The Duke Energy Foundation has announced $1 million in grants to support North Carolina K-12 programs focused on summer reading loss and STEM learning. At the same time, the John Locke Foundation in Raleigh is working with local school officials to postpone state testing and create more flexible requirements that will support on-line learning.
In Washington DC, the Andrew and Julie Klingenstein Family Fund is among those supporting the new DC Education Equity Fund, a project focused on ensuring internet access and available digital devices to support students. That effort is being replicated among dozens of other states. In those same states, local think tanks are identifying how barriers to digital access can be reduced. At the national level the Competitive Enterprise Institute is working with the Federal Communications Commission to ensure spectrum and bandwidth rules are eased so as to improve on-line access by millions of students.
By my rough calculations, nearly $275 million in private foundation dollars are currently focused on specific Covid-19 response measures. Another $100 million is being directed to universities and medical centers to fast track vaccine development and testing kits. Corporate-related relief funds already exceed $100 million. And this does not include the hundreds of millions that commercial banks, community foundation, and mission driven donor-advised funds grant as part of the overall charitable response. While there is no one grand Philanthropy “master,” there is greater synergy among institutional funders and non-profit policy and humanitarian groups than ever before.
This is not only being done out of necessity, but out of opportunity.
For Future Fruits
In the 17th century, the English poet and scholar John Donne summed up the notion of constancy and appreciation amid necessary change. “God made the sun and the moon to distinguish the seasons, and day and night, and we cannot have the fruits of the earth but in their seasons.”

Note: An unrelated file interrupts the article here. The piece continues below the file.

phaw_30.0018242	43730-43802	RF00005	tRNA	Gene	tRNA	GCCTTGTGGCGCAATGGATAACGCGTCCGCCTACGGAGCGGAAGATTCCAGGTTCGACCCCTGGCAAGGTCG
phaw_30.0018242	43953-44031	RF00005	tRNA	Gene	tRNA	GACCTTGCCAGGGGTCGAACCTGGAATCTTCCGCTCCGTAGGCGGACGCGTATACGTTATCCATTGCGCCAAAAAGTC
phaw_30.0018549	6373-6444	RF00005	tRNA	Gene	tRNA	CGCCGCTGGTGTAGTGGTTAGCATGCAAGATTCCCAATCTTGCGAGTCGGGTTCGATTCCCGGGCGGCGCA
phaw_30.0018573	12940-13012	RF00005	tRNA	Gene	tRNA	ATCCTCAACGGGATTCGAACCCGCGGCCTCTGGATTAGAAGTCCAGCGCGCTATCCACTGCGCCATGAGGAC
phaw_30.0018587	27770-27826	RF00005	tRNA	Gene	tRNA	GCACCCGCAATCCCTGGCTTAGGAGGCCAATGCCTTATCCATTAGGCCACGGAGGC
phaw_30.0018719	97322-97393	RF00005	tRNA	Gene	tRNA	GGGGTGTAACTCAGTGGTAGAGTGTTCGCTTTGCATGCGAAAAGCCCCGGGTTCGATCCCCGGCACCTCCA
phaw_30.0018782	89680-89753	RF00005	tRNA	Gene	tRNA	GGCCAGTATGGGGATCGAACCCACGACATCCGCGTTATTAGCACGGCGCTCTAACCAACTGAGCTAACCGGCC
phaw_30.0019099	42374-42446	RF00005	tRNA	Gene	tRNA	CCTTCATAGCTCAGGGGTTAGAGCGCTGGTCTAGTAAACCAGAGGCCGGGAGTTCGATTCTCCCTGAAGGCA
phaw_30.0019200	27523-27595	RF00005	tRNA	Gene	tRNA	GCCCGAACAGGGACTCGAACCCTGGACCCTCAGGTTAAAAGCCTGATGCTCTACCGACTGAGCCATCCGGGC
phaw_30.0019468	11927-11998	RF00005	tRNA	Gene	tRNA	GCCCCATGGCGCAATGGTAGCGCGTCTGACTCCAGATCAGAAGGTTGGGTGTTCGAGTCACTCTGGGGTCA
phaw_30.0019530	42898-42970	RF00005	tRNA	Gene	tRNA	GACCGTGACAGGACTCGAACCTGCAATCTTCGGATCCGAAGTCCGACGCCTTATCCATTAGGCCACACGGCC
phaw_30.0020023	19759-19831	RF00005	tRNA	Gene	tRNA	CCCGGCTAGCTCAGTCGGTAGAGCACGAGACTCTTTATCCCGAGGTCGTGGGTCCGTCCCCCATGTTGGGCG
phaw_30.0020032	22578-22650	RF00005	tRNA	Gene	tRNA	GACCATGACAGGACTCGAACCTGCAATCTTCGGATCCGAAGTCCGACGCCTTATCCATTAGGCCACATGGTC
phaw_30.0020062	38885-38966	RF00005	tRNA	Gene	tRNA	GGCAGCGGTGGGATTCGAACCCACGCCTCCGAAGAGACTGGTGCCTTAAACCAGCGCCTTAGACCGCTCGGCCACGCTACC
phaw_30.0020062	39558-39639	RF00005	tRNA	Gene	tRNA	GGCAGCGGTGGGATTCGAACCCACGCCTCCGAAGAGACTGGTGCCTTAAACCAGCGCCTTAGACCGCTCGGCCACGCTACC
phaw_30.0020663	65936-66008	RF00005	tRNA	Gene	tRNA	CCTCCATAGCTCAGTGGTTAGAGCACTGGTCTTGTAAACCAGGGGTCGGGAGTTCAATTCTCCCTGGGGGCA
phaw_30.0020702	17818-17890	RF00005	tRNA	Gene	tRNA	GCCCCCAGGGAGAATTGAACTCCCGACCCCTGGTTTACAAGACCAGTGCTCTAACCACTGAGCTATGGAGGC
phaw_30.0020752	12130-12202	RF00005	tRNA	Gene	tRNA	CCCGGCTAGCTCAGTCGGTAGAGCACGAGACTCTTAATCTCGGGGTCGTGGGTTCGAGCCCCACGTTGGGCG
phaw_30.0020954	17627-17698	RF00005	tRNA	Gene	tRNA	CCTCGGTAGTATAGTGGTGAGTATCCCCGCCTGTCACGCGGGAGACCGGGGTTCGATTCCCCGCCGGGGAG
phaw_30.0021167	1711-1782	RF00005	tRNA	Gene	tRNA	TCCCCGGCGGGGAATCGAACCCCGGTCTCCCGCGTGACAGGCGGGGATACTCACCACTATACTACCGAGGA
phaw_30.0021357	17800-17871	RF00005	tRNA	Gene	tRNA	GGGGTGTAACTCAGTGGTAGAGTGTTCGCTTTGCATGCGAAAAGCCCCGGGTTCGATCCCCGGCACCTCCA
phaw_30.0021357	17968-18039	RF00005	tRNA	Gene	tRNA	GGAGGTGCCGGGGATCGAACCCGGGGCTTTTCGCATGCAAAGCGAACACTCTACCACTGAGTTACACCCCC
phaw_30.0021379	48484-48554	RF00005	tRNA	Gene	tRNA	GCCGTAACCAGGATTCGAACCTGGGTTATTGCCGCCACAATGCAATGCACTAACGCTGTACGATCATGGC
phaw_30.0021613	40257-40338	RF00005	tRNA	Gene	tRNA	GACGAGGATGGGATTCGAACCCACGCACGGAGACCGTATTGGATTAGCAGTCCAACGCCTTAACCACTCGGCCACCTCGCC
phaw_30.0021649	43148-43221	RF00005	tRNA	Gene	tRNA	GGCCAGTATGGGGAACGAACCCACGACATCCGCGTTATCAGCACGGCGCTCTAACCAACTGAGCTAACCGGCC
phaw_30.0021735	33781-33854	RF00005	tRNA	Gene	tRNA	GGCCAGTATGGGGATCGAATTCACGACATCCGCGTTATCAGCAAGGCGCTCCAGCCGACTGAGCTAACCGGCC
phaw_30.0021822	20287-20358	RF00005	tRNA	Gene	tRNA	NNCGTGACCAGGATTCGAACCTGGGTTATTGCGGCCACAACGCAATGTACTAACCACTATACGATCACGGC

Three hundred years later that same (albeit Biblical) sentiment jumped out through The Byrd’s famous lyrics “To everything (turn, turn, turn). There is a season (turn, turn, turn), and a time to every purpose, under heaven.”
This is a season of great gardening. We cannot comprehend what the fruits of our labor will be, let alone when we will enjoy the fruits of the earth. We understand that to reach spring again we must walk through the humidity of summer, the molting leaves of fall, and icy chill of winter. We do not know how long these seasons will last, but they will pass. They cannot do otherwise. It is how this third rock from the sun was set up.
Governments are making decision purely out of fear, and many citizens too find themselves caught up in its embrace. I anticipate looking back on those decisions with unrestrained judgement. But I also believe that same judgement will be muted by the realization that the eventual road to recovery was paved by the cooperative actions, generosity, and innovations of private givers, policy groups, non-profit medical research centers, technology and educational entrepreneurs, and the businesses that flourished because it.